Purified CD11c+ APCs (0.1 × 106/well) from the alveolar space, lung parenchyma, and spleen were seeded into 96-well flat bottom plate and cultured at 37°C and 5% CO2 with or without antigen stimulation. The antigens used for stimulation were LPS (1 ng/well) and Mycobacterium tuberculosis Culture Filtrate proteins (Mtb-CF) (2 μg/well). Cells were cultured in a total volume of 250 μl of cRPMI. The culture supernatants were collected at 48 h and stored at -20°C until cytokine measurement. TNF-alpha and IL-12p40 concentrations were measured by using ELISA kits (R&D systems).

Mixed leukocyte reaction (MLR)

MLR was carried out as previously described [53]. Allogeneic splenic T cells were isolated from naïve Balb/c mice using CD4 and CD8 positive isolation kits (both from Miltenyi biotec) according to the manufacturer's protocol and pooled. T cells were then labelled with 5 μM CFSE (Molecular Probes) in PBS supplemented with 5% FBS and then washed three times after staining. 5 × 105 CFSE labelled T cells were co-cultured with a varying number of C57Bl/6 CD11c+ APC populations from the alveolar space, lung parenchyma, and spleen in 96-well culture plate at 37°C for 96 hours. T cell proliferation was examined by flow cytometric analysis of CFSE dilution as previously described [57].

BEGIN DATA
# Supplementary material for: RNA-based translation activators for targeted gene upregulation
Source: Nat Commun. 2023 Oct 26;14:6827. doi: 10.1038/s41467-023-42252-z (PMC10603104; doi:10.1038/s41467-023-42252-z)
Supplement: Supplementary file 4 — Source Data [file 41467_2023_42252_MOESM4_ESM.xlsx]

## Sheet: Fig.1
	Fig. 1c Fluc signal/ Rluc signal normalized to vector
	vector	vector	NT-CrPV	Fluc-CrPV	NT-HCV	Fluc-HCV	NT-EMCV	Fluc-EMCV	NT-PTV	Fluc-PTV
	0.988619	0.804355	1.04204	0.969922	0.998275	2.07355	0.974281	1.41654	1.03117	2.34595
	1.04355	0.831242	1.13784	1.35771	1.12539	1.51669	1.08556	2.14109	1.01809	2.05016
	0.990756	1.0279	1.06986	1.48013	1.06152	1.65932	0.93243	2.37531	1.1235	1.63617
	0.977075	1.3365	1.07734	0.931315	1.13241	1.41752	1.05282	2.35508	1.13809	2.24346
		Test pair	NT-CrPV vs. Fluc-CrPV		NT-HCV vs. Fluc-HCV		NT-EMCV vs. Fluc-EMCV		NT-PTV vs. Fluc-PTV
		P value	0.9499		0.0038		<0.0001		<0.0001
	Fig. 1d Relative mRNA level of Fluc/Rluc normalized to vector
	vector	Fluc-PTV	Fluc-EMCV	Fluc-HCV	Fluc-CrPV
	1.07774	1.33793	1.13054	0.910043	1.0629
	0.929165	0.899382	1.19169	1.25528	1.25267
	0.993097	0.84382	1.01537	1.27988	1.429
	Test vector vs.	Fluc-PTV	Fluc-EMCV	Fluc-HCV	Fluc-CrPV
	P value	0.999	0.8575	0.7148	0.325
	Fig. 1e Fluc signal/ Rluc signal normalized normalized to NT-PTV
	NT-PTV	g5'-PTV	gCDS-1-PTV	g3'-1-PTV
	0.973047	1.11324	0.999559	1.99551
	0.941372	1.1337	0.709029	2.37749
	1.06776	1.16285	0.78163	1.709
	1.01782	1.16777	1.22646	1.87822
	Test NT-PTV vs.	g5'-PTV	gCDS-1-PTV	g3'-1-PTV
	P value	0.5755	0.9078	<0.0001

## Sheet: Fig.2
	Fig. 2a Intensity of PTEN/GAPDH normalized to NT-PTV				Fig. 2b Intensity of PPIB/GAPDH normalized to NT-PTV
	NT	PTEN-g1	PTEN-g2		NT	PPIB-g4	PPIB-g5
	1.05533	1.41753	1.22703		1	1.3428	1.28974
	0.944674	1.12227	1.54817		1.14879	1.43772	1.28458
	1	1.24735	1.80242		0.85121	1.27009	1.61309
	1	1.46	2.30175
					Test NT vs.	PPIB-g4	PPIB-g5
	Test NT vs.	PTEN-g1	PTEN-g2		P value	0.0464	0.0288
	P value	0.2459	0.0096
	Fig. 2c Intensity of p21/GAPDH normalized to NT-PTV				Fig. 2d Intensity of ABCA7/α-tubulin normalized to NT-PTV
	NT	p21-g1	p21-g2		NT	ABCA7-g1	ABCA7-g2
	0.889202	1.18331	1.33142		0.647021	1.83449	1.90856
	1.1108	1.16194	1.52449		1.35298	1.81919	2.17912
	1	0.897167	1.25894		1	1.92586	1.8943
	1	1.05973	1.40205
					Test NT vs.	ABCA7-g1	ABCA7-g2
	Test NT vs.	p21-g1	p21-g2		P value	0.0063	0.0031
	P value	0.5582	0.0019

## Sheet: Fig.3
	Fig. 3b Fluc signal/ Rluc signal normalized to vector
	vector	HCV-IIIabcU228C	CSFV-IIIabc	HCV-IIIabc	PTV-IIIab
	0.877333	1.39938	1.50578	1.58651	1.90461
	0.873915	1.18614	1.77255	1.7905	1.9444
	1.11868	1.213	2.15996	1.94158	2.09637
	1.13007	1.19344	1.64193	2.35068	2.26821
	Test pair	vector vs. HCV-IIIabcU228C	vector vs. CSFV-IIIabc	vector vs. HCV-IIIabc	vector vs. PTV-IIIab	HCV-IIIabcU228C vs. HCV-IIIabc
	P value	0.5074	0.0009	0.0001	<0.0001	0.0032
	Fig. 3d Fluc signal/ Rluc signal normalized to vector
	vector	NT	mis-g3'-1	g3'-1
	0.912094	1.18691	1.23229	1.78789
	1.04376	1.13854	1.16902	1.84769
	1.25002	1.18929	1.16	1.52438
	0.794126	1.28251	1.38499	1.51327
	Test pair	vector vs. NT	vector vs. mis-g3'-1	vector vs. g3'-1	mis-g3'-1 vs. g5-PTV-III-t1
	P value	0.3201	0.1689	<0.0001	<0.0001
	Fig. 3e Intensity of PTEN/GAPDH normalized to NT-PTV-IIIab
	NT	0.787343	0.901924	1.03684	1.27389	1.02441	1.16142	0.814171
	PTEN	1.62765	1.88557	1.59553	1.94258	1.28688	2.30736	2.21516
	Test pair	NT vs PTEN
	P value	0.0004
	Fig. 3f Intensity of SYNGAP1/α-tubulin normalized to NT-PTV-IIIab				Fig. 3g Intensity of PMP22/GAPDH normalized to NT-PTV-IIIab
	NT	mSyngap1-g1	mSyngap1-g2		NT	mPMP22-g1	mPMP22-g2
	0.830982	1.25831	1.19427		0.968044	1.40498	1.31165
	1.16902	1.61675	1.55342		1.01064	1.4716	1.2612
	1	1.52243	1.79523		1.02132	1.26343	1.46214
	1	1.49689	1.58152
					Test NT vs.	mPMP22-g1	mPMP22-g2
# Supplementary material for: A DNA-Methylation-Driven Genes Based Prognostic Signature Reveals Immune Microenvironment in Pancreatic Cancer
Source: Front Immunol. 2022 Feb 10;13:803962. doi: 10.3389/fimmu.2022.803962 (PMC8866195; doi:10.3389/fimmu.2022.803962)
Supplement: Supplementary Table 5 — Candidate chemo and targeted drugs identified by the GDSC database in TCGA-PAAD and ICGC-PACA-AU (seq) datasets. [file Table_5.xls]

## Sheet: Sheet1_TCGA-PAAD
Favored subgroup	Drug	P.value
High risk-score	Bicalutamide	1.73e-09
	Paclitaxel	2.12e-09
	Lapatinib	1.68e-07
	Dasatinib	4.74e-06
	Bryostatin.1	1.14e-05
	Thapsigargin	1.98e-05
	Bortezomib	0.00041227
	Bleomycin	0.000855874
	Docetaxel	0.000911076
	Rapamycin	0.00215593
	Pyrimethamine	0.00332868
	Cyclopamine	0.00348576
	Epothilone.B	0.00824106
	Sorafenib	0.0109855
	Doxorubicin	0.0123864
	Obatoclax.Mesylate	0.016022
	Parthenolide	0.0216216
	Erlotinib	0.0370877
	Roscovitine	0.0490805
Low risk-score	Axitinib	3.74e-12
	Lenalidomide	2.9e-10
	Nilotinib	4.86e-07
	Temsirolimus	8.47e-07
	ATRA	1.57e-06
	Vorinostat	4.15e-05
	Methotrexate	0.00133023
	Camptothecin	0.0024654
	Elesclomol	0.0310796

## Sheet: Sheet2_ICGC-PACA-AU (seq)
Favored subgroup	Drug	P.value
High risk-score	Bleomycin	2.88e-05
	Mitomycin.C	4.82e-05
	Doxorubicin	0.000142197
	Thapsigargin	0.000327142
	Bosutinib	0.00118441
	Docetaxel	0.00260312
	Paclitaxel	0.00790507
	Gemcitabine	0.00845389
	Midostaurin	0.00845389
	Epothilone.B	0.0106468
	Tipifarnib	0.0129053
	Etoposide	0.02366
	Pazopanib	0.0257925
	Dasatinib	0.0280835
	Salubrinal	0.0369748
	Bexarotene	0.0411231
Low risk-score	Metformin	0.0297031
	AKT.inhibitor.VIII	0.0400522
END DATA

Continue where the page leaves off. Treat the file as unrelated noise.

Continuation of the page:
In vitro transgenic T cell proliferation Assay

CD4 T cells were MACS purified from OT-II transgenic mice and CD8 T cells were purified from OT-I transgenic mice using the CD4+ and CD8+ T cell isolation kits, respectively, according to the manufacturer's instructions (Miltenyi biotec). T cells were labelled with 5 μM CFSE (Molecular Probes) and washed 3 times with PBS supplemented with 5% FBS and resuspended in cRPMI. 5 × 105 CFSE labelled OT-II T cells were co-cultured with varying numbers of C57Bl/6 APC populations from BAL, lung, and spleen that were pre-pulsed with CD4 or CD8 OVA peptide (0.1 ng/μl) for 1 hour. Unpulsed CD11c+ cells co-cultured with T cells and T cells cultured with no CD11c+ APCs were set up in parallel as controls. CD8+ and CD4+ T cell proliferations were examined 48 and 72 hours after culture by flowcytometric analysis of CFSE dilution, respectively. In some experiments, APCs were pre-infected with an adenovirus expressing the OVA protein (AdOVA) (100 pfu/cell) overnight and then co-cultured with OT-I or OT-II T cells. An adenoviral vector (Addl70-3) infected CD11c+ cells and uninfected CD11c+ cells were used as controls in these experiments.

Ex vivo T cell activation assay